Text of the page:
Various studies on Guyana have found the following reasons for drug use/abuse: seeking to be sociable, building confidence, helping to concentrate, enhancing excitement and energy at parties, improving sexual experiences, relieving stress and anxiety, wanting to fit in, family influence, curing ailments/self -medication, boredom due to the absence of gainful activity, experimentation and curiosity, peer pressure, seeking to enhance the thrill effect during recreational activities.
Recommendation to address this situation from the various studies and stakeholders include:
- regular sensitisation on the harmful effects of drug use and prevention messages via various media (including traditional and social media), and public access mechanisms (flyers, posters, booklets, billboards…) appropriate for different age ranges and inclusive of alternatives to drug use;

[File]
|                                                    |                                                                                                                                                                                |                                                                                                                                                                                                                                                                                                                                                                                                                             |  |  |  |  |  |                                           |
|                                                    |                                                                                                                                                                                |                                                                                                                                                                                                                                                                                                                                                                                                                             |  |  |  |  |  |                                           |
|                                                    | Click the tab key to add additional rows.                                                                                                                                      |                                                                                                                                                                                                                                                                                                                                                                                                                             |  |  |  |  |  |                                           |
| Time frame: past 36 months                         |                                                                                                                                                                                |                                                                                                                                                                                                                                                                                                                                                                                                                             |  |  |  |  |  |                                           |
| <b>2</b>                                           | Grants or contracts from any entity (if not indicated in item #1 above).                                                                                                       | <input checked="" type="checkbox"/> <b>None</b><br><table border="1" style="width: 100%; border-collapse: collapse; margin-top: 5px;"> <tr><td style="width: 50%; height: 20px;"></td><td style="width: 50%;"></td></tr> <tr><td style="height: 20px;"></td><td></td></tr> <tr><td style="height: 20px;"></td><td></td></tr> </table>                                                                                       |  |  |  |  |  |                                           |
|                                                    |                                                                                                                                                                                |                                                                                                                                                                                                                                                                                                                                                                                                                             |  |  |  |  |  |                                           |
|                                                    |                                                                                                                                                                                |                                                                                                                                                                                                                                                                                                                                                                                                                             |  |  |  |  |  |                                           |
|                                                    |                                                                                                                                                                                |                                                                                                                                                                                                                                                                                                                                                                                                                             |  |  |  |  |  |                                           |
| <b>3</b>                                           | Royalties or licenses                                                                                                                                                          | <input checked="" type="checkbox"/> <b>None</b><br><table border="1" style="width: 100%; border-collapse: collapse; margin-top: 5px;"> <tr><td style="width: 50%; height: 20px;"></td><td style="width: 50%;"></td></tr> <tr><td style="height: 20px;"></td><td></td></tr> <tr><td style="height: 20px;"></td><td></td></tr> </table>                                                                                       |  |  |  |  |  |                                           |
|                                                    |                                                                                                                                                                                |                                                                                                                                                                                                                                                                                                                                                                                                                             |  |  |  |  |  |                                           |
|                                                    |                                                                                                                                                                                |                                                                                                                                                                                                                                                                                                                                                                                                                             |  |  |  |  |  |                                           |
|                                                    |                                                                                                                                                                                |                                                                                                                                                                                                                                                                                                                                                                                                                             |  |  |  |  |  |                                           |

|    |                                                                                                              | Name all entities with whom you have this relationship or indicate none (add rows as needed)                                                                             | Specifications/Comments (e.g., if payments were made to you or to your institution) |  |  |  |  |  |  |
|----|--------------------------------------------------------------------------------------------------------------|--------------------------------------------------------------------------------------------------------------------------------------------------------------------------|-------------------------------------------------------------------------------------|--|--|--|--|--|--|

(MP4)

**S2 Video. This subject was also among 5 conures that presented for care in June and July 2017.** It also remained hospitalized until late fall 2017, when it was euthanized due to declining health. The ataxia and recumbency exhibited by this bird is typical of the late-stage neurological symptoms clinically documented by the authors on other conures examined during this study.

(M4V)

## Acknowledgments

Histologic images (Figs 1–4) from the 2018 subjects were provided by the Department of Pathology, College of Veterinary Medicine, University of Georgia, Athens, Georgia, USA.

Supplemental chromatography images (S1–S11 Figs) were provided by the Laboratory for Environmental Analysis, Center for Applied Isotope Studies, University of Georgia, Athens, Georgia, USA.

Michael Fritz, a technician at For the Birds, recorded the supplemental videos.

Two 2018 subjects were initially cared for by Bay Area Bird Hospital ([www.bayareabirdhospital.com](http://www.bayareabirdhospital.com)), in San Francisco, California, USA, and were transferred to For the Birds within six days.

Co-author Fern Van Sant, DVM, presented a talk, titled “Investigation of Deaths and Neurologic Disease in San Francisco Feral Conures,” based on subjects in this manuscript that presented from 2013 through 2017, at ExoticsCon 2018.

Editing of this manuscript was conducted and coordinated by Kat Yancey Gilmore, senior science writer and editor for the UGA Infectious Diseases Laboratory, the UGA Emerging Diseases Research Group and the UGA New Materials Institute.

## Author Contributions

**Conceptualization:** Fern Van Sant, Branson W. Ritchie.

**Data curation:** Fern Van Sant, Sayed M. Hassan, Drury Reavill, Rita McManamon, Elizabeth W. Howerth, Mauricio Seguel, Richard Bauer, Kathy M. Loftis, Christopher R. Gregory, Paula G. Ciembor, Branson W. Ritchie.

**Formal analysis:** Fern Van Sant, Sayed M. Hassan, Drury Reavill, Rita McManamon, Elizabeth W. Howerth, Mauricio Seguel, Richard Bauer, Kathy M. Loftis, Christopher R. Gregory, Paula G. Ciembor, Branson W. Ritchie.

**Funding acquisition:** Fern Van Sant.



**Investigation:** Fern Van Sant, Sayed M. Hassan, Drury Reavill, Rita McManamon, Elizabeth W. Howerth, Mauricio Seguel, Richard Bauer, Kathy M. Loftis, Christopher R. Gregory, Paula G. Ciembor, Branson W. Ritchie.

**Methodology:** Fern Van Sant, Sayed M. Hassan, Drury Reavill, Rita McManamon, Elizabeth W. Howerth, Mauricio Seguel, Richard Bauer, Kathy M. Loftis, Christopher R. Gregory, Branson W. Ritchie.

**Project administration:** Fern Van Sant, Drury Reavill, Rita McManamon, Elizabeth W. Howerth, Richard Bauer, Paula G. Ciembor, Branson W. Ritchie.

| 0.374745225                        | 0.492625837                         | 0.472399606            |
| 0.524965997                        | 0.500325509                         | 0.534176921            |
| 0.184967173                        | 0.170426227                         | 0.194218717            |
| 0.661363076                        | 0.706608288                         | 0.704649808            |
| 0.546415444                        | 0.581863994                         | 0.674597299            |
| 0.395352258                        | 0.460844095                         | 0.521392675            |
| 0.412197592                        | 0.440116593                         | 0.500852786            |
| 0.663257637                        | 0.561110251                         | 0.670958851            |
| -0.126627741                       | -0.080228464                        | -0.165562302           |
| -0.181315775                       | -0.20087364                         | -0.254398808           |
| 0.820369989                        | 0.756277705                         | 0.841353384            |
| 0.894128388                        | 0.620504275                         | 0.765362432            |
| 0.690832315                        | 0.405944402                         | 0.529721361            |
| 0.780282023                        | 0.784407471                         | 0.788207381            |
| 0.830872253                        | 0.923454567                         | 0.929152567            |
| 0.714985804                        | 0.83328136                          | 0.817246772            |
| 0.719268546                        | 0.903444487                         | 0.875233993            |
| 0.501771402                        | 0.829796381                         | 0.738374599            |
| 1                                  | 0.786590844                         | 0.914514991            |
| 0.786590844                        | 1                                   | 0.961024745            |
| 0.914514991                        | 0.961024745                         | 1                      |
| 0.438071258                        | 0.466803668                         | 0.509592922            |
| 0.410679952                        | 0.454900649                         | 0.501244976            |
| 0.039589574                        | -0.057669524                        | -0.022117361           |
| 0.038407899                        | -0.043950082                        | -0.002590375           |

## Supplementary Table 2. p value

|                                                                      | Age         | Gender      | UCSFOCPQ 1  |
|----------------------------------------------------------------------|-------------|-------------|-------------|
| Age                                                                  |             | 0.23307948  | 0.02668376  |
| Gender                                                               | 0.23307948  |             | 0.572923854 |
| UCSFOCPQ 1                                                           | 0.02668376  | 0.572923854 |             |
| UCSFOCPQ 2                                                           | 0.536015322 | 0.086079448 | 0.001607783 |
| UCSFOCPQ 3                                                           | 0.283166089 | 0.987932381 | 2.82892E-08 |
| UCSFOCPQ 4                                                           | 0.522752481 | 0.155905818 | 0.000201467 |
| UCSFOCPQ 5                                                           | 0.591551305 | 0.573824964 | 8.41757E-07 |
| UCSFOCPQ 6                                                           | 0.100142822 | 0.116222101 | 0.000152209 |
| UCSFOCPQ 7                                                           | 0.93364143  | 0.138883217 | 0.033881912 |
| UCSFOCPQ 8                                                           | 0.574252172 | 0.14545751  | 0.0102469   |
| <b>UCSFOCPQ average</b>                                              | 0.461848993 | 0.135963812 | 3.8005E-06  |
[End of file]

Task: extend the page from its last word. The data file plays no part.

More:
- developing an appropriate instrument to enable individuals to self-evaluate problematic drug use;
- giving greater priority to drug use/addiction in health promotion and disease prevention programmes such as what is currently being given to diseases such as HIV/AIDS;
- continued training of persons who have shown an interest in the field of treatment and prevention and the establishment of more treatment and rehab centres across the country (currently only two non-governmental and two governmental treatment centres exist);
- creation of more recreational centres and spaces so time can be meaningfully occupied;
- expansion in job training and economic insertion activities;
- creating/implementing mentorship programmes for youths from communities and households that display risk factors for illicit drug use;
- ongoing parental education relating to drug free lifestyles and strategies to help their children stay drug free;